You might not want to read about this. And I don’t particularly want to write about it. But I am compelled to do so. I am trying to figure out what to make of the seven hours of doctor visits we had with Zoe in Winston-Salem, NC on Friday to understand the cause of her bladder emptying problems. Everyone has asked me if we got answers and if we’re relieved. We did get answers, but I don’t fully understand them. And truthfully, I don’t think I’ll be relieved until the problem is actually resolved. There are many stories here. I’ll try to start with the headlines.
It’s No Accident: It’s Poop, Pressure, and Pelvic Floor Muscles
Zoe has a massive amount of poop backed up into her rectum and colon. Her colon is significantly enlarged because it is a compliant organ, meaning it expands to fit what’s inside, like a balloon, instead of retaining its shape and forcing out the contents. This kind of back-up can occur even if an individual is pooping every day. Doctors aren’t sure what causes poop to back up in some kids and not others, but apparently this problem is much more common than we’ve been led to believe.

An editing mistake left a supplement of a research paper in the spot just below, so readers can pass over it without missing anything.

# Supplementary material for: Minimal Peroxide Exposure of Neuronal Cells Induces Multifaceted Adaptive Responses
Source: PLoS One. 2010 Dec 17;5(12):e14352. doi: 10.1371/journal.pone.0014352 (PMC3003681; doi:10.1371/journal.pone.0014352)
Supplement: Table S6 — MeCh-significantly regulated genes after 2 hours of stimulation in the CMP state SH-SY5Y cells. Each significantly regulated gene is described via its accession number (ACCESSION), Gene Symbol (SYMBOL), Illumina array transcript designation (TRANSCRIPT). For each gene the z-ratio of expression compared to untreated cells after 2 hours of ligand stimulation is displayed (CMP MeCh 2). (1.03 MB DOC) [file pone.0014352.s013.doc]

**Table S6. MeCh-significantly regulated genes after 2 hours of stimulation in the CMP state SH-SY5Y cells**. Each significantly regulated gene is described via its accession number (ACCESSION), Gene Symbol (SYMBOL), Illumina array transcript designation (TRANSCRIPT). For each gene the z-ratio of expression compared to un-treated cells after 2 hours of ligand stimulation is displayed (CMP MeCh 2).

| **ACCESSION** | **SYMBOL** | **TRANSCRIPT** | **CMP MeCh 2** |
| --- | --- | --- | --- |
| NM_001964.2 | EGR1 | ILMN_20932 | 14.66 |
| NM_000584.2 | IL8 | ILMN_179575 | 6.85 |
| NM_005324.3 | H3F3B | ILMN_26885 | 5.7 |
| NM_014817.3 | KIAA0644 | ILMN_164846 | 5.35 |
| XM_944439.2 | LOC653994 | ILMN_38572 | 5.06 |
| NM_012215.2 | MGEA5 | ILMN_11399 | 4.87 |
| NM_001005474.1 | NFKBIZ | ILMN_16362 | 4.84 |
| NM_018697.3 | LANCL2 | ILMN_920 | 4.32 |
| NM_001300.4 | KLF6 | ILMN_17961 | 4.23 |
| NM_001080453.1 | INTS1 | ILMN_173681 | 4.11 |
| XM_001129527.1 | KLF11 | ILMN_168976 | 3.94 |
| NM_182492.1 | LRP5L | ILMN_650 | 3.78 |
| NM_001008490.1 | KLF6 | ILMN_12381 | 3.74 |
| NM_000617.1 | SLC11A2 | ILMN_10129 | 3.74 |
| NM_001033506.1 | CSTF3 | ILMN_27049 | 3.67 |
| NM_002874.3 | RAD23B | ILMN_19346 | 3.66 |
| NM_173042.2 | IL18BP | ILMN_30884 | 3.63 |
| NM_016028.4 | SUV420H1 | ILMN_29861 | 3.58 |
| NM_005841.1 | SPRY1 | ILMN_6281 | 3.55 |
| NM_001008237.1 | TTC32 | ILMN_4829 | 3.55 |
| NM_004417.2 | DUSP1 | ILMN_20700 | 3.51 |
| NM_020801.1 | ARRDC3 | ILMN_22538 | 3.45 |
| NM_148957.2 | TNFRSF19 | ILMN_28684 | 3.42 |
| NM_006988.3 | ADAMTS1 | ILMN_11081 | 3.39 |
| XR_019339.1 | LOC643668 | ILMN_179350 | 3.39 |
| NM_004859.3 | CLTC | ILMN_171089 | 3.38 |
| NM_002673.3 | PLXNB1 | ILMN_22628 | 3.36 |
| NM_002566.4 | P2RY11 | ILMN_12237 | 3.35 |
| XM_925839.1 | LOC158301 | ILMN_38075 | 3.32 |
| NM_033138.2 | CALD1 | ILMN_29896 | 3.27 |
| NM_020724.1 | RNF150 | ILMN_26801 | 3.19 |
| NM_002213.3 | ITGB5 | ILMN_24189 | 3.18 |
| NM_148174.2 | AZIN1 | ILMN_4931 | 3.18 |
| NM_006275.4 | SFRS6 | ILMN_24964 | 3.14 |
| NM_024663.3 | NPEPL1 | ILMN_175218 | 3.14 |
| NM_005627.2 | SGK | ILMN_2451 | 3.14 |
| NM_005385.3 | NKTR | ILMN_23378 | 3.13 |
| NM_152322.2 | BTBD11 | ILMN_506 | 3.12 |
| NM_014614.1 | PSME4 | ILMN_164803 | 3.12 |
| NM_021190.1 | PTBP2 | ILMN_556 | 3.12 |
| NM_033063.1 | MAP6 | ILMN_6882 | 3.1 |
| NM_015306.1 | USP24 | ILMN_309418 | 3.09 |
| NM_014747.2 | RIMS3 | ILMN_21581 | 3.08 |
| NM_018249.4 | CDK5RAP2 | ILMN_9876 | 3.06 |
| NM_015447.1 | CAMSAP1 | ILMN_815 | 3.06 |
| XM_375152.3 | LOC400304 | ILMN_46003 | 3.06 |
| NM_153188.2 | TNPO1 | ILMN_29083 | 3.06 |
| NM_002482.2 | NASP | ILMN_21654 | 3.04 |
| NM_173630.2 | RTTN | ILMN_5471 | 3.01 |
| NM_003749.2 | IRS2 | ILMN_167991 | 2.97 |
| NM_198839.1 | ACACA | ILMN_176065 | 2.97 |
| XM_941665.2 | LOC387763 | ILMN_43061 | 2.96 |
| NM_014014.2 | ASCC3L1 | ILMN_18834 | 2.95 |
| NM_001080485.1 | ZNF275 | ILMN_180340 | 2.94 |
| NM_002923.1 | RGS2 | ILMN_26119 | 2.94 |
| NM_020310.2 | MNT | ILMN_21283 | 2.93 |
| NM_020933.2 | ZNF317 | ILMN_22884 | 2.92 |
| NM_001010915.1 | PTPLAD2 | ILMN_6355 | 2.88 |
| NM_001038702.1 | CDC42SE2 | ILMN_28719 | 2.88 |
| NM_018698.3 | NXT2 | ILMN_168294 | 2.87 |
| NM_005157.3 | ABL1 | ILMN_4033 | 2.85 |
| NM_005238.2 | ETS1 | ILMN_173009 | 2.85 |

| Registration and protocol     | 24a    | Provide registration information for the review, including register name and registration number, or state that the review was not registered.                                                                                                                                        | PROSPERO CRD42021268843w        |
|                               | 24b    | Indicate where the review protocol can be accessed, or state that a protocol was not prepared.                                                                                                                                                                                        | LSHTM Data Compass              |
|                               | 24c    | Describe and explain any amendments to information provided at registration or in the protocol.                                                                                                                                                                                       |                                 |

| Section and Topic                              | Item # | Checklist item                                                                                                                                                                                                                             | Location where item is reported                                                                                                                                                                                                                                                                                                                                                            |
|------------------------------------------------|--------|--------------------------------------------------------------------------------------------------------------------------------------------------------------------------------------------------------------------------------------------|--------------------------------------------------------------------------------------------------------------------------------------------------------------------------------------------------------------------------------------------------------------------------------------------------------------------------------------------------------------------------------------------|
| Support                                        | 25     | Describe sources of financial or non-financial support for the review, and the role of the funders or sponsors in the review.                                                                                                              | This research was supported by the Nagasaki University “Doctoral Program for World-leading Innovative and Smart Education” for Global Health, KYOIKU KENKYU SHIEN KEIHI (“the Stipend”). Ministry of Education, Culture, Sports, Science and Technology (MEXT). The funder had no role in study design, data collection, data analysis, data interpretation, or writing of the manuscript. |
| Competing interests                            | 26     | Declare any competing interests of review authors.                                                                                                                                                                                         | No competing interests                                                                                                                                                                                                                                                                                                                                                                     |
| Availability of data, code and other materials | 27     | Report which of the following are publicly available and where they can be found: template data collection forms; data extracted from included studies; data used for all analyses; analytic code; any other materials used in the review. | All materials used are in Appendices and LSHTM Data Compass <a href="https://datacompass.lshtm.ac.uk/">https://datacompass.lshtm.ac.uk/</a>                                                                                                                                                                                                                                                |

The colon is directly behind the bladder. The pressure from the now giant colon on the tiny bladder has disrupted the bladder’s ability to function normally, or Zoe’s ability to sense when her bladder is empty or full. In a normal bladder, the bladder neck opens and closes automatically. It stays closed unless you use your muscles to open it and allow urine to pass through. The muscles you use to control the bladder neck are the pelvic floor muscles. Zoe’s pelvic floor muscles are weak as the result of being in a near-constant state of tension.